Chapter 1 introduces the main themes of the letter. This first bit is mirrored by the conclusion in 57-20, thereby forming a framework for the whole letter, addressing the need to keep going when life is hard. We don’t know for sure which James it is who wrote the letter (there are a number in the NT), but I think it most likely that it is the brother of Jesus – and if so, it is striking that he doesn’t say that.
James just assumes we will meet trials in life. These trials are not just those that come specifically from being a Christian, for they are of “many kinds”. James sees three benefits to the Christian of such trials. Firstly, our faith is tested (note how he makes the implicit jump from trials of life to testing of faith between verses 2 and 3). Secondly, we develop perseverance – the ability to stay on the road even when the pressure is immense. Thirdly, perseverance is essential if we are to become mature in our faith.
It is important to see this teaching on prayer for wisdom in its context – it comes in a section bracketed by an exhortation to endure trials (verse 2, verse 12). So this is prayer for the specific wisdom described in verses 2-4 – wisdom to see our hardships in this way. “Without finding fault”, or “without reproach” (ESV) probably means that God won’t meet our requests for wisdom with criticism at our past failure – and specifically he doesn’t expect us to be already coping when we come for help.
The one condition given is that we must ask in faith, not doubting. It’s important to see that “doubt” here is not talking about intellectual uncertainty – we might well have doubts at times like that – so much as a failure to trust. James’s describes the doubter as “double-minded” in verse 8, a word whose meaning is made clear in ch.4:4-8. It refers to someone who wants to have a foot in both camps. They are asking for wisdom, but they don’t really want to live for God when the requested wisdom comes.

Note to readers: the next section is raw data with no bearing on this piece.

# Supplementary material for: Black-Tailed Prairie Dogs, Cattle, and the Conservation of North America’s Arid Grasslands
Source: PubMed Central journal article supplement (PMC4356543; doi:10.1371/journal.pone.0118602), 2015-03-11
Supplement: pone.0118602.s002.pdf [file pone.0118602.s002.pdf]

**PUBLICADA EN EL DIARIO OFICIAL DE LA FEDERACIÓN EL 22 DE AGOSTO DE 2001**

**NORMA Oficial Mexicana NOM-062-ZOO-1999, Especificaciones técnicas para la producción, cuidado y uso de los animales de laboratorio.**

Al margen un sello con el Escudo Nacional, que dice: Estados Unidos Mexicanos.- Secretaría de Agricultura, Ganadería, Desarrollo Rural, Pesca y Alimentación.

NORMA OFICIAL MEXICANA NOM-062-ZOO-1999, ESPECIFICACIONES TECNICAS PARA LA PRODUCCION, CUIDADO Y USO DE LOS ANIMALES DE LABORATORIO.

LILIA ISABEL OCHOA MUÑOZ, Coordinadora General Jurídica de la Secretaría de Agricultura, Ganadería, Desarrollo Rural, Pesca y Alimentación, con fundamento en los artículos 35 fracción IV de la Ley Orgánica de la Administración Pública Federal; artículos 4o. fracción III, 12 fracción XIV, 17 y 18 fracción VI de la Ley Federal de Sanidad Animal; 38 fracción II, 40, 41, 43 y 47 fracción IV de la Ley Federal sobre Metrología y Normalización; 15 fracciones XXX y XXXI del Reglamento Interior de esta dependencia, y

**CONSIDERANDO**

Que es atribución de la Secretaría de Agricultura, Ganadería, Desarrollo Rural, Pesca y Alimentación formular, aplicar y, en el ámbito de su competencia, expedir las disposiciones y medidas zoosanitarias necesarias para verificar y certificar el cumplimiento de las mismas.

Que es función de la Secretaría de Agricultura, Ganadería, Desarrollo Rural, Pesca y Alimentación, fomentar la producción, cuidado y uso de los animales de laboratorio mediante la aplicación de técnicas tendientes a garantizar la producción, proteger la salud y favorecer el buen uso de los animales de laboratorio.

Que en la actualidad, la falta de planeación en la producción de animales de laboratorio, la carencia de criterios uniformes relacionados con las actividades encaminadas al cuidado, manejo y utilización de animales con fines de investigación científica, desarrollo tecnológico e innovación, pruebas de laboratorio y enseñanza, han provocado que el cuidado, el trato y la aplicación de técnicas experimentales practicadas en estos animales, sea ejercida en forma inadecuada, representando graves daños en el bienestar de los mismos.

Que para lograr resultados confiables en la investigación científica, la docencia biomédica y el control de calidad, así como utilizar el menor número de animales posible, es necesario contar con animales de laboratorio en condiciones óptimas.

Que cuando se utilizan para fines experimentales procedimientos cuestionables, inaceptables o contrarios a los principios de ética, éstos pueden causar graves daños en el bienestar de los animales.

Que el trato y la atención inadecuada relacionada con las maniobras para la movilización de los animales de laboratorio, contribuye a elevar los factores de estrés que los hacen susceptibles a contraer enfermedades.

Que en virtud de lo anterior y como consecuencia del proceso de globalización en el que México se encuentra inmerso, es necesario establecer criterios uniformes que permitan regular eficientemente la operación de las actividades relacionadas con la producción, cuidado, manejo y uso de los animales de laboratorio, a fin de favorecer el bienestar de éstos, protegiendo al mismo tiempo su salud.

James then describes two kinds of trial, for which the Christian needs wisdom to respond properly – poverty and wealth. Wisdom teaches the lowly person to recognise their exalted position in Christ. Wisdom teaches the person who is rich in worldly terms to see that that wealth is temporary and fleeting; it should teach us true humility. In both trials wisdom teaches the proper way to “consider it pure joy”.
Finally, James brings it all together. The ideas of trials and testing come together. The crown is held out for those who love God – that is for those who genuinely love him, and aren’t fair weather Christians whose love for riches or comfort is proved to outshine their love for God. The Christian life is to be lived in the light of the future.
In short, we need to keep going under life’s trials, showing our love for God to be genuine, that we may receive his reward in heaven.